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A Jesus Lizard and an Einsturzende Neubauten and another guy? Playing instrumental rock? This is relevant to my interests. The album itself is somewhat different than you might expect, though, far from a rehash of Duane Denison, Alexander Hacke or Brian Kotzur's previous work. This sprawling collection contains a restrained and impressively diverse mixture of improvised and composed pieces with a ...

LP £13.99 IPC156LP

LP on Ipecac (Alexander Hacke, Duane Denison, Brian Kotzur).

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CD £7.99 IPC156CD

CD on Ipecac (Alexander Hacke, Duane Denison, Brian Kotzur).

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REVIEWS

The Unsemble by The Unsemble
1 review. Write a review for us »
10/10 Mike Staff review, 06 March 2014

A Jesus Lizard and an Einsturzende Neubauten and another guy? Playing instrumental rock? This is relevant to my interests. The album itself is somewhat different than you might expect, though, far from a rehash of Duane Denison, Alexander Hacke or Brian Kotzur's previous work. This sprawling collection contains a restrained and impressively diverse mixture of improvised and composed pieces with a grittily cinematic feel.

Five of the 15 tracks here are titled 'Improv 1' to 'Improv 5' and are sprinkled in amongst the ten more clearly structured pieces, but they're more than just interludes, the final two in particular whipping up heady, swirling atmospheres of burbling drums and scratching, droning, spluttering guitar trails, restraint and patient repetition ensuring that they don't take a wrong turn into freeform purgatory.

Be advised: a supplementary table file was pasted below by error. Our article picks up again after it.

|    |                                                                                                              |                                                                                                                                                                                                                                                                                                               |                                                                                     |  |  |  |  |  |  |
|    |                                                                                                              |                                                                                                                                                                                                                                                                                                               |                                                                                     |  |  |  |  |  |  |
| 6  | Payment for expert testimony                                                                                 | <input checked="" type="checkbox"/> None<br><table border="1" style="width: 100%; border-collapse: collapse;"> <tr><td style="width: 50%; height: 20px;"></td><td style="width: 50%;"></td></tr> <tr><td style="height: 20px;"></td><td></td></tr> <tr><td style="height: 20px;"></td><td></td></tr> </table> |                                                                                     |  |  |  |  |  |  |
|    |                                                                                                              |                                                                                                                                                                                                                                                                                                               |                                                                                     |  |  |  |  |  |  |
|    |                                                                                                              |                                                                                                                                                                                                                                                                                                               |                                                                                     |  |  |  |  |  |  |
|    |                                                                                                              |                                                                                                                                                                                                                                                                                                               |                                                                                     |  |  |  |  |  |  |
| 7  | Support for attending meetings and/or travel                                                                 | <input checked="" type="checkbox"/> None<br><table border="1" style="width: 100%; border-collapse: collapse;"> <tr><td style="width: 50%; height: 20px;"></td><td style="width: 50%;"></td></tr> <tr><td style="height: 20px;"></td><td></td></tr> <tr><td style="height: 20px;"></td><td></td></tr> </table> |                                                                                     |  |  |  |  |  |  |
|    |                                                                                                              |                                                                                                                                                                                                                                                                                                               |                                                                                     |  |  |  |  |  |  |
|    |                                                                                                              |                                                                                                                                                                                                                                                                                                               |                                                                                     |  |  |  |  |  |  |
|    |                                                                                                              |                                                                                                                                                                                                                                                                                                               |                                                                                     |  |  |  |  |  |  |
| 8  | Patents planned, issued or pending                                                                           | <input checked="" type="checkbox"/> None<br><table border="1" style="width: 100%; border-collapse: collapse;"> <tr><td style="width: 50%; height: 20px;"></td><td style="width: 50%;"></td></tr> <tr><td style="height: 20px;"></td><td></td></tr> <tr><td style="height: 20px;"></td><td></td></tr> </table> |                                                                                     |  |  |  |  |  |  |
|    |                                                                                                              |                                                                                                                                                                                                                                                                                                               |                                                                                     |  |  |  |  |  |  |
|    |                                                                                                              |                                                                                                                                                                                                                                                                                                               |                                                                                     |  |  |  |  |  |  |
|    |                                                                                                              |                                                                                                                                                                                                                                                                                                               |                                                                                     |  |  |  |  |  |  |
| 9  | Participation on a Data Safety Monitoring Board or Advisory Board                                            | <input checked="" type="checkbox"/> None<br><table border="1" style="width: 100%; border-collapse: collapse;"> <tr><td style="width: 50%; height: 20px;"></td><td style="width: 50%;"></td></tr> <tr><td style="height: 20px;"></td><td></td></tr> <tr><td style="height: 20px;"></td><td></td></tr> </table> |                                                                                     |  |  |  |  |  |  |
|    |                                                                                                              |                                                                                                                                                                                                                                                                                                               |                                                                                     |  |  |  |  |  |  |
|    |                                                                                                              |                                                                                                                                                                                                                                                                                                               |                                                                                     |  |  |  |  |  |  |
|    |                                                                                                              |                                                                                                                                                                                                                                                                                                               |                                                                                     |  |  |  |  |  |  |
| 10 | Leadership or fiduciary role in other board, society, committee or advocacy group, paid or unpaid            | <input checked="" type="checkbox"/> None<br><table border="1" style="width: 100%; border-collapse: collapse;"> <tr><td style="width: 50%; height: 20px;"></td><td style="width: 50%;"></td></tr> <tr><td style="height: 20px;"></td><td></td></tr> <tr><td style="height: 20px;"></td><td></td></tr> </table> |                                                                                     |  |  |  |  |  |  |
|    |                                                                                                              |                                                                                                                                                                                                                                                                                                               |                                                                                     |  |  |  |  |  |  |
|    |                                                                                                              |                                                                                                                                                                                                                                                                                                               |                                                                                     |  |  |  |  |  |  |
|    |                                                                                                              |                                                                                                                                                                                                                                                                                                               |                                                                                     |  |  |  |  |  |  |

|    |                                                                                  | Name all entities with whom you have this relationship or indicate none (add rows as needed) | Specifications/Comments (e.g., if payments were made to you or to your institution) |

It's the other ten tracks that are the main attraction, though. 'Circles' has spidery, complex guitar playing that weaves hypnotic tangled shapes in the air, 'Act 3' and 'Shadows' see Hacke hacking out thunderous basslines which has more in common with Denison's former bandmate David Wm Sims than his own previous work (although make no mistake, this doesn't sound remotely like a Jesus Lizard record outside of these two tracks), while several numbers head into proper old-fashioned horror funk territory with more than a shade of Goblin and Zombi. 'Neon' in particular channels the former band with disarming accuracy with its round walking bass, panicked keys (I think I detect a subtle bit of voicebox here but I could be wrong) and cascading, chiming guitar chords sounding like some lost cut from the 'Tenebre' soundtrack.

There's a whole lot more happening on this album than I've kind of run out of time to tell you about, but if you're into moody soundtracky instrumental rock music, regardless of whether you're interested in any of the members' former bands, you'd be a fool not to check this out. It's the most ambitious and fully-realised instrumental rock album I've heard in some time.

I'm going out on a limb and saying ten out of ten.




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